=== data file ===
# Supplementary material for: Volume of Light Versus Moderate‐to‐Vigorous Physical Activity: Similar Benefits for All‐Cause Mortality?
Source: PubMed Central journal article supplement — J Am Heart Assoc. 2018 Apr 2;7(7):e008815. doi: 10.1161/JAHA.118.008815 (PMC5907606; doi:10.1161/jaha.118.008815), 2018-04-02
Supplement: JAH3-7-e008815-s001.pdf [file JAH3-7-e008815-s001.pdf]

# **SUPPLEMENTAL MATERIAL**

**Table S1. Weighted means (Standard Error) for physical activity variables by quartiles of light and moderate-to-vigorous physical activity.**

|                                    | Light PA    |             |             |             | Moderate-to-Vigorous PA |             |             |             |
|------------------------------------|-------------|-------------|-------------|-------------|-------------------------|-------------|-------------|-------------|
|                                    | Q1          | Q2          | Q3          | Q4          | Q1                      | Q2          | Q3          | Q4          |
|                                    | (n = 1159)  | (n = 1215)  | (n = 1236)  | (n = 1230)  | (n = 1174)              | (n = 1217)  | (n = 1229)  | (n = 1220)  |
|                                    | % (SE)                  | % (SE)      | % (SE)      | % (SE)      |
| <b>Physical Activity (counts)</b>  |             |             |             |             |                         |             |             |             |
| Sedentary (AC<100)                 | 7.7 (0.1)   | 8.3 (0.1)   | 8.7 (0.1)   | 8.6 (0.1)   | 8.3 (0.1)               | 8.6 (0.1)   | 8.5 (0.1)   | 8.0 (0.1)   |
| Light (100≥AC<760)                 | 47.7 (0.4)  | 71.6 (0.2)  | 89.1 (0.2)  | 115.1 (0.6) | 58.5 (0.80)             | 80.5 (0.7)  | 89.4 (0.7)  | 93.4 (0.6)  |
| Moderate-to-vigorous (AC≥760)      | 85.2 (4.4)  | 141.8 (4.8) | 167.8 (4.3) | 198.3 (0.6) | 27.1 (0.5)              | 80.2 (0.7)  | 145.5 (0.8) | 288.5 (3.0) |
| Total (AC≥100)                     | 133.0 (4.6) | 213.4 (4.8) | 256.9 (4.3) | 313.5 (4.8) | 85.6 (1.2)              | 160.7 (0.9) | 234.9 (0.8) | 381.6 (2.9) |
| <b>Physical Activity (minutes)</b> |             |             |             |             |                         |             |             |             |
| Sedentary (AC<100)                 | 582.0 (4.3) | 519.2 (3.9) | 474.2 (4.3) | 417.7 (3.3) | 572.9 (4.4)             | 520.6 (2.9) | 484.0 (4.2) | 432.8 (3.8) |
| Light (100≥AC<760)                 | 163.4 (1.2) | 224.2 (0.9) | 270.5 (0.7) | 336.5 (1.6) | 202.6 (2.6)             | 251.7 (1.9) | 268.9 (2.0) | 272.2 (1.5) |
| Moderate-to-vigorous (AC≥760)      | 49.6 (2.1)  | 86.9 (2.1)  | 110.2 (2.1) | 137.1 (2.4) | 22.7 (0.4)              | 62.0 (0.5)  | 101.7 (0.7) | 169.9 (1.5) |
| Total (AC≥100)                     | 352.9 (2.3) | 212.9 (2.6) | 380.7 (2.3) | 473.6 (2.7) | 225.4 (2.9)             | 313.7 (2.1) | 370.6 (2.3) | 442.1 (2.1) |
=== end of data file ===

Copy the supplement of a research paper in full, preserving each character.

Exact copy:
# Supplementary material for: Volume of Light Versus Moderate‐to‐Vigorous Physical Activity: Similar Benefits for All‐Cause Mortality?
Source: PubMed Central journal article supplement — J Am Heart Assoc. 2018 Apr 2;7(7):e008815. doi: 10.1161/JAHA.118.008815 (PMC5907606; doi:10.1161/jaha.118.008815), 2018-04-02
Supplement: JAH3-7-e008815-s001.pdf [file JAH3-7-e008815-s001.pdf]

# **SUPPLEMENTAL MATERIAL**

**Table S1. Weighted means (Standard Error) for physical activity variables by quartiles of light and moderate-to-vigorous physical activity.**

|                                    | Light PA    |             |             |             | Moderate-to-Vigorous PA |             |             |             |
|------------------------------------|-------------|-------------|-------------|-------------|-------------------------|-------------|-------------|-------------|
|                                    | Q1          | Q2          | Q3          | Q4          | Q1                      | Q2          | Q3          | Q4          |
|                                    | (n = 1159)  | (n = 1215)  | (n = 1236)  | (n = 1230)  | (n = 1174)              | (n = 1217)  | (n = 1229)  | (n = 1220)  |
|                                    | % (SE)                  | % (SE)      | % (SE)      | % (SE)      |
| <b>Physical Activity (counts)</b>  |             |             |             |             |                         |             |             |             |
| Sedentary (AC<100)                 | 7.7 (0.1)   | 8.3 (0.1)   | 8.7 (0.1)   | 8.6 (0.1)   | 8.3 (0.1)               | 8.6 (0.1)   | 8.5 (0.1)   | 8.0 (0.1)   |
| Light (100≥AC<760)                 | 47.7 (0.4)  | 71.6 (0.2)  | 89.1 (0.2)  | 115.1 (0.6) | 58.5 (0.80)             | 80.5 (0.7)  | 89.4 (0.7)  | 93.4 (0.6)  |
| Moderate-to-vigorous (AC≥760)      | 85.2 (4.4)  | 141.8 (4.8) | 167.8 (4.3) | 198.3 (0.6) | 27.1 (0.5)              | 80.2 (0.7)  | 145.5 (0.8) | 288.5 (3.0) |
| Total (AC≥100)                     | 133.0 (4.6) | 213.4 (4.8) | 256.9 (4.3) | 313.5 (4.8) | 85.6 (1.2)              | 160.7 (0.9) | 234.9 (0.8) | 381.6 (2.9) |
| <b>Physical Activity (minutes)</b> |             |             |             |             |                         |             |             |             |
| Sedentary (AC<100)                 | 582.0 (4.3) | 519.2 (3.9) | 474.2 (4.3) | 417.7 (3.3) | 572.9 (4.4)             | 520.6 (2.9) | 484.0 (4.2) | 432.8 (3.8) |
| Light (100≥AC<760)                 | 163.4 (1.2) | 224.2 (0.9) | 270.5 (0.7) | 336.5 (1.6) | 202.6 (2.6)             | 251.7 (1.9) | 268.9 (2.0) | 272.2 (1.5) |
| Moderate-to-vigorous (AC≥760)      | 49.6 (2.1)  | 86.9 (2.1)  | 110.2 (2.1) | 137.1 (2.4) | 22.7 (0.4)              | 62.0 (0.5)  | 101.7 (0.7) | 169.9 (1.5) |
| Total (AC≥100)                     | 352.9 (2.3) | 212.9 (2.6) | 380.7 (2.3) | 473.6 (2.7) | 225.4 (2.9)             | 313.7 (2.1) | 370.6 (2.3) | 442.1 (2.1) |